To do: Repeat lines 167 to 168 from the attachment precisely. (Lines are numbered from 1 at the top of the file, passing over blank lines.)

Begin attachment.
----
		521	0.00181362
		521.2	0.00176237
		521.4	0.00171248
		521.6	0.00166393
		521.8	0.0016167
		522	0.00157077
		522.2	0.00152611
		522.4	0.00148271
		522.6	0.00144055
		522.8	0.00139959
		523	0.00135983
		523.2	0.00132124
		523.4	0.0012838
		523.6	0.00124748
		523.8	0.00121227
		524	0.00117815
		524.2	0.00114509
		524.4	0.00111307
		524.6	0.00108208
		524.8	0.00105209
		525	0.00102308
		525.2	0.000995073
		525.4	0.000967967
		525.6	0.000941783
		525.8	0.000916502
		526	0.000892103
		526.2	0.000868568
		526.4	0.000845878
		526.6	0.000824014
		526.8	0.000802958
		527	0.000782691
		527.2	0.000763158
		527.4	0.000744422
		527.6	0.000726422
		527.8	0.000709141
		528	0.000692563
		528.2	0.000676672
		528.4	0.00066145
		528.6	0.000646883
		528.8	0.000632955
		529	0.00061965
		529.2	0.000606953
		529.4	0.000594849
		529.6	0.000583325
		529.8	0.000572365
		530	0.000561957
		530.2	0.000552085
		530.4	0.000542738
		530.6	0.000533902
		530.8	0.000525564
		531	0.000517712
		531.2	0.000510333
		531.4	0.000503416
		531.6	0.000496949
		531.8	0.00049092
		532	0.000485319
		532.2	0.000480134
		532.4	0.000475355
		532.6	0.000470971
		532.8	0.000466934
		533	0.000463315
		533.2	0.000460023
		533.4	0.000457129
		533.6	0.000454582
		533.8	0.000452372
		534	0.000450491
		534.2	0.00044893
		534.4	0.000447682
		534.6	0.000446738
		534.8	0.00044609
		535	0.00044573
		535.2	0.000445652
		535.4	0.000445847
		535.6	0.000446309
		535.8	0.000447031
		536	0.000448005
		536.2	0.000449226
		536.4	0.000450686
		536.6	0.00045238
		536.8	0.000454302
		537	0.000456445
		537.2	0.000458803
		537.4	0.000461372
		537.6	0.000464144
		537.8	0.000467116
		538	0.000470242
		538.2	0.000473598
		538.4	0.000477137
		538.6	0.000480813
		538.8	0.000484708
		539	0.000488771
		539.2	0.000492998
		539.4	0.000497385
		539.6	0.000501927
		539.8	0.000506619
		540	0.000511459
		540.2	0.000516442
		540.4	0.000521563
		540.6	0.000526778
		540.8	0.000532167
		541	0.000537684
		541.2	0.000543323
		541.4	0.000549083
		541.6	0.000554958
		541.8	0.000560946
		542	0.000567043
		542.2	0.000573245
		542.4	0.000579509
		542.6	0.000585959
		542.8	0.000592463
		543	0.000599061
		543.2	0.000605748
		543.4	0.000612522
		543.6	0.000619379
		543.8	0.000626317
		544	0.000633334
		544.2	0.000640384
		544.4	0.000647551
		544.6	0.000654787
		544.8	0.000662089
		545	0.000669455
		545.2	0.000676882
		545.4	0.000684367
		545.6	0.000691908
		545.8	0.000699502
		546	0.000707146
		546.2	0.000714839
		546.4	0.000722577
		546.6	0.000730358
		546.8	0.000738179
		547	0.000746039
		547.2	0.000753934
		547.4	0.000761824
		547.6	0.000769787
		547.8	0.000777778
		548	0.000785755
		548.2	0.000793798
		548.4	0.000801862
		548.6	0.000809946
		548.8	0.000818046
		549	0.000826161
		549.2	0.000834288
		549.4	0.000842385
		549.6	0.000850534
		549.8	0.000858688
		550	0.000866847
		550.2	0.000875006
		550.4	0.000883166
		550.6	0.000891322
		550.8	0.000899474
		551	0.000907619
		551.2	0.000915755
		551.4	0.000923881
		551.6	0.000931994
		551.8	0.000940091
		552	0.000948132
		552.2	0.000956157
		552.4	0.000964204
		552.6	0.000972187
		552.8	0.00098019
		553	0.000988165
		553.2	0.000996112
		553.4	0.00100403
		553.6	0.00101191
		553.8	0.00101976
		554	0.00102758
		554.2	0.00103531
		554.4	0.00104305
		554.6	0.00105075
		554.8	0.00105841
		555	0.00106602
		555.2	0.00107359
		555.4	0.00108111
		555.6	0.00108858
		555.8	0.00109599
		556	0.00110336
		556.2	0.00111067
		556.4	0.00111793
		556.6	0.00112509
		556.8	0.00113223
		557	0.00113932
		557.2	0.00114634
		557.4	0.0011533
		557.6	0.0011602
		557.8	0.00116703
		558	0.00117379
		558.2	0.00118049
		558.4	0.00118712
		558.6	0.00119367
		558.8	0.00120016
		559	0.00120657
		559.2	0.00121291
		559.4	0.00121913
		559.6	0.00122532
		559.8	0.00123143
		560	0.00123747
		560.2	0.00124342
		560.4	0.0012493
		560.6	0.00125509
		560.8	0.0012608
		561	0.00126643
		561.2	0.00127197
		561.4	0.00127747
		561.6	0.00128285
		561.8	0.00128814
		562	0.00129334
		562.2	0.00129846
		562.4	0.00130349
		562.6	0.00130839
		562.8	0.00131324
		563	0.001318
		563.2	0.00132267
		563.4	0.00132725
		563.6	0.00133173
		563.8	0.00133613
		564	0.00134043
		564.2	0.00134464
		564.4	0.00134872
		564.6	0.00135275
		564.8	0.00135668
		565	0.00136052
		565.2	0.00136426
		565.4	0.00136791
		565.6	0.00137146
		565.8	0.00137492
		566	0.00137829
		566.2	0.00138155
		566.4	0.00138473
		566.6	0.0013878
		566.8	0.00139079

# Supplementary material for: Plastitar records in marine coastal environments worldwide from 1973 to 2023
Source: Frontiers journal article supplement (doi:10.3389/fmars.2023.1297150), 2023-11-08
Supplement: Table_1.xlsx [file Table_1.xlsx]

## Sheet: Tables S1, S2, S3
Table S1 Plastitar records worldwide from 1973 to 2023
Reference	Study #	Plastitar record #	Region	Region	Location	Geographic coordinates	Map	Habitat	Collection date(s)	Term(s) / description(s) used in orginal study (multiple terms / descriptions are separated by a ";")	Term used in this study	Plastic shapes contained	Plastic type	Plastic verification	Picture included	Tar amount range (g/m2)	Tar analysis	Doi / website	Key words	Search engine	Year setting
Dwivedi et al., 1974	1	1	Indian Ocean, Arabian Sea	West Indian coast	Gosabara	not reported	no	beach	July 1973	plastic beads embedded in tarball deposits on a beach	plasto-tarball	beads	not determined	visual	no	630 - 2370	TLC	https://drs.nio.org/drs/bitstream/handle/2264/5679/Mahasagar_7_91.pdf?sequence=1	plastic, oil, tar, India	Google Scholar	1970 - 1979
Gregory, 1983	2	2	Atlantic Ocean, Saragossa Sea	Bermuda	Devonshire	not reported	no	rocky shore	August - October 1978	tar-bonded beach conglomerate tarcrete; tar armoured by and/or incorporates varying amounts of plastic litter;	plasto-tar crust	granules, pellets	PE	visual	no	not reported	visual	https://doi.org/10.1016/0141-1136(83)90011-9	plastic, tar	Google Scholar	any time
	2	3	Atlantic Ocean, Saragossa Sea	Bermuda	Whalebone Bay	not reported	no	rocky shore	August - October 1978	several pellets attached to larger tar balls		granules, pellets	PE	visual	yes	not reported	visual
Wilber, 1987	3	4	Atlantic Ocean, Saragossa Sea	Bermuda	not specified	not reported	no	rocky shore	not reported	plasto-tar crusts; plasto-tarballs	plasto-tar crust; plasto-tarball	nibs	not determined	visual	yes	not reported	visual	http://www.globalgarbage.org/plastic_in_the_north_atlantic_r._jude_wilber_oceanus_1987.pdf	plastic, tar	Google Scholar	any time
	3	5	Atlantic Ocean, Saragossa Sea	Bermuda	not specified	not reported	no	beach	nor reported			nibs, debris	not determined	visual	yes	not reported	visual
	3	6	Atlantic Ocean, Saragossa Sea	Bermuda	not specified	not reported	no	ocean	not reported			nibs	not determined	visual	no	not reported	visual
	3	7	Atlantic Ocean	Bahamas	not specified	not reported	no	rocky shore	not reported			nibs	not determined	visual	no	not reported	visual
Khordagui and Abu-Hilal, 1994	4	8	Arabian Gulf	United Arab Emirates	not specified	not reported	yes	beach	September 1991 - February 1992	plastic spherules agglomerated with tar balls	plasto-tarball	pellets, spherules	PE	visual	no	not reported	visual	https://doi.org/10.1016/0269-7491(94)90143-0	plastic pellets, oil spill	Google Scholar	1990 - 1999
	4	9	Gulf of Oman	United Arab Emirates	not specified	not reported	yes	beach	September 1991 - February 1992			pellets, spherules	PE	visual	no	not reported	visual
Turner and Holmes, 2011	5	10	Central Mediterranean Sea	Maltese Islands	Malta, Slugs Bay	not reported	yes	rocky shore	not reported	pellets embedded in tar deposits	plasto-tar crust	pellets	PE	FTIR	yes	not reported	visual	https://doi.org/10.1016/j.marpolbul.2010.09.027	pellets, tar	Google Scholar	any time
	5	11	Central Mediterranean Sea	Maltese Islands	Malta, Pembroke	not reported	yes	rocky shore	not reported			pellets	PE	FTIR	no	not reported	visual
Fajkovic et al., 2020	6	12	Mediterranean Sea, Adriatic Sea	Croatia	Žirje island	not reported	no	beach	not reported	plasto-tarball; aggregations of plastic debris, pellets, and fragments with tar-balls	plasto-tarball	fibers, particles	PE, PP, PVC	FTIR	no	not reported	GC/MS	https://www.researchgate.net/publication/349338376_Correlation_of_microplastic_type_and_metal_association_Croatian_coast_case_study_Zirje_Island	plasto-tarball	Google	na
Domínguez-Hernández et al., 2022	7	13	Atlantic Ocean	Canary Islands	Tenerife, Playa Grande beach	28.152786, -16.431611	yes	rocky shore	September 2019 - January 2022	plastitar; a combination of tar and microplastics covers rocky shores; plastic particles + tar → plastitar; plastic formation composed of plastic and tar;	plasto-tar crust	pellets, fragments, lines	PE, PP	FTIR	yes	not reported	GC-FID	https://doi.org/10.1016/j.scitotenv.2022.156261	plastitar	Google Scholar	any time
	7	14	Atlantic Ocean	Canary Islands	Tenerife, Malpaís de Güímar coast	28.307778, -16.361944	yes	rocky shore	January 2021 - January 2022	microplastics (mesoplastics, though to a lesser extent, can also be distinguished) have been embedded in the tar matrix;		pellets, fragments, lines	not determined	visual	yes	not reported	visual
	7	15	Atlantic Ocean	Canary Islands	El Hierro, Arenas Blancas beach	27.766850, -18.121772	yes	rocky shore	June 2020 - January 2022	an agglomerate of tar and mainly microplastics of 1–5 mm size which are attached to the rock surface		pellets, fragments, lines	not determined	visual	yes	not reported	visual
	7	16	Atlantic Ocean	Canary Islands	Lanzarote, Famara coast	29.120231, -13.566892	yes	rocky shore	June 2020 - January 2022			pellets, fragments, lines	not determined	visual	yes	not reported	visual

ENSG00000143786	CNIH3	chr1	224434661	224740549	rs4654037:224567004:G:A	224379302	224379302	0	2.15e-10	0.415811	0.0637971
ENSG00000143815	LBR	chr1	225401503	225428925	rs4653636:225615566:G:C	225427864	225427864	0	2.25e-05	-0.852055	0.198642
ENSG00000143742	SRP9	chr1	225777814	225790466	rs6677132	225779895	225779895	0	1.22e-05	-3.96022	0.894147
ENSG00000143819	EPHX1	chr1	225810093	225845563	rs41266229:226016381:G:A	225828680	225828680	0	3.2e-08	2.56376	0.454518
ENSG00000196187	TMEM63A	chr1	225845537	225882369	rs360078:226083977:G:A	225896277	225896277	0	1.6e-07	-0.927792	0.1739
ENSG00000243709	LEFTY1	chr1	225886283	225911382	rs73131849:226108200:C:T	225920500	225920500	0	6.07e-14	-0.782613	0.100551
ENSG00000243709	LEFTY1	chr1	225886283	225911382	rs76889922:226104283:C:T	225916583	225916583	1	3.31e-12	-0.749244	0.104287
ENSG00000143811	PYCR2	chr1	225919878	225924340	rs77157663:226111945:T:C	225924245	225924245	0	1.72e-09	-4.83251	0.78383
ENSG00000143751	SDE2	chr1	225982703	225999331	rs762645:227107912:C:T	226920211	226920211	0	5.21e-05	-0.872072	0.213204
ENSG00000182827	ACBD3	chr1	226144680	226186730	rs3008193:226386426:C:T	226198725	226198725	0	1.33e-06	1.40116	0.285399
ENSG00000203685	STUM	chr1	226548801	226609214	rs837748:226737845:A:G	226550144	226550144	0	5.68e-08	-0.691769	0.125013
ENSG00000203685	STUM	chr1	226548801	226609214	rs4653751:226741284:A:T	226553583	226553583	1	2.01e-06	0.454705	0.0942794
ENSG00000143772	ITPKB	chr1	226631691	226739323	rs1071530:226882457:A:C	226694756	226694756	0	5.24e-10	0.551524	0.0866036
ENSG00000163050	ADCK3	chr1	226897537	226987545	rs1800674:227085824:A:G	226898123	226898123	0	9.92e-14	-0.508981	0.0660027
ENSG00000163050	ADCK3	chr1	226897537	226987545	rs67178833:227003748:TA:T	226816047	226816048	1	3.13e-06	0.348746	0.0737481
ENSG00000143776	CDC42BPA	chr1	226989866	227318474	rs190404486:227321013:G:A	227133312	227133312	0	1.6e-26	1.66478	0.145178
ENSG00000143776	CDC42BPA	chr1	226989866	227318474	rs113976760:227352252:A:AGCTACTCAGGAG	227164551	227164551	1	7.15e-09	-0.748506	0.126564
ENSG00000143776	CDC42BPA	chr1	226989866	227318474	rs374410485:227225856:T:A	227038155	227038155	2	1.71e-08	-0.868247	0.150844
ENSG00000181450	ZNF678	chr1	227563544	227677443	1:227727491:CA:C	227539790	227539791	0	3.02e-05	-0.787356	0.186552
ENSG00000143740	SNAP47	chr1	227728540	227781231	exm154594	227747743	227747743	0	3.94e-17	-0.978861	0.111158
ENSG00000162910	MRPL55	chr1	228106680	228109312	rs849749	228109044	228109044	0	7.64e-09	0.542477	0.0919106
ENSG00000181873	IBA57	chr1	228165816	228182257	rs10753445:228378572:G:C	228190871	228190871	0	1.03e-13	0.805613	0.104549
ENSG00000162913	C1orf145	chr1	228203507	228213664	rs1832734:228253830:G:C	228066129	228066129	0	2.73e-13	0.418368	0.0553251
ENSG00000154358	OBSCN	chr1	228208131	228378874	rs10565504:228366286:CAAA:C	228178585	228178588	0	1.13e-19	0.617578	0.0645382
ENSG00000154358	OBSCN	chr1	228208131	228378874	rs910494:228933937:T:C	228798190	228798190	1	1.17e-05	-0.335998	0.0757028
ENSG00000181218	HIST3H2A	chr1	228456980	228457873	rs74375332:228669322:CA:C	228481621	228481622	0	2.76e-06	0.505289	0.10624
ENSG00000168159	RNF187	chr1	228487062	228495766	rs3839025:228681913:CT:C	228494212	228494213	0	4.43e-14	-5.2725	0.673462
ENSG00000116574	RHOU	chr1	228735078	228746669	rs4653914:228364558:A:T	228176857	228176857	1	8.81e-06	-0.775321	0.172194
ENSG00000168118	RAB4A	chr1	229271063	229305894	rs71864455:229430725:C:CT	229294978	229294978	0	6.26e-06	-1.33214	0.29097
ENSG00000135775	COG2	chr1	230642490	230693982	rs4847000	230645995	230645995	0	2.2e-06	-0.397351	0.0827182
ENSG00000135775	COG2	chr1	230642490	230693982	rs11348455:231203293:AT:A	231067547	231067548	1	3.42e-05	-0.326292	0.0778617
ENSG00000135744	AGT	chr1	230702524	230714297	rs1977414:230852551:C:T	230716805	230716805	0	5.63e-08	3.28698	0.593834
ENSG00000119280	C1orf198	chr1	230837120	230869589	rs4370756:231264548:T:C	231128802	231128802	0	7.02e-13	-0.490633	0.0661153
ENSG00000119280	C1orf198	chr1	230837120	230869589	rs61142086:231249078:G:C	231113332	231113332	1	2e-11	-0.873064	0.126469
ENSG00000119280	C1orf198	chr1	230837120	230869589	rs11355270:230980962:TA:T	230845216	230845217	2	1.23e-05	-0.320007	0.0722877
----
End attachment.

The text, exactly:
		554.2	0.00103531
		554.4	0.00104305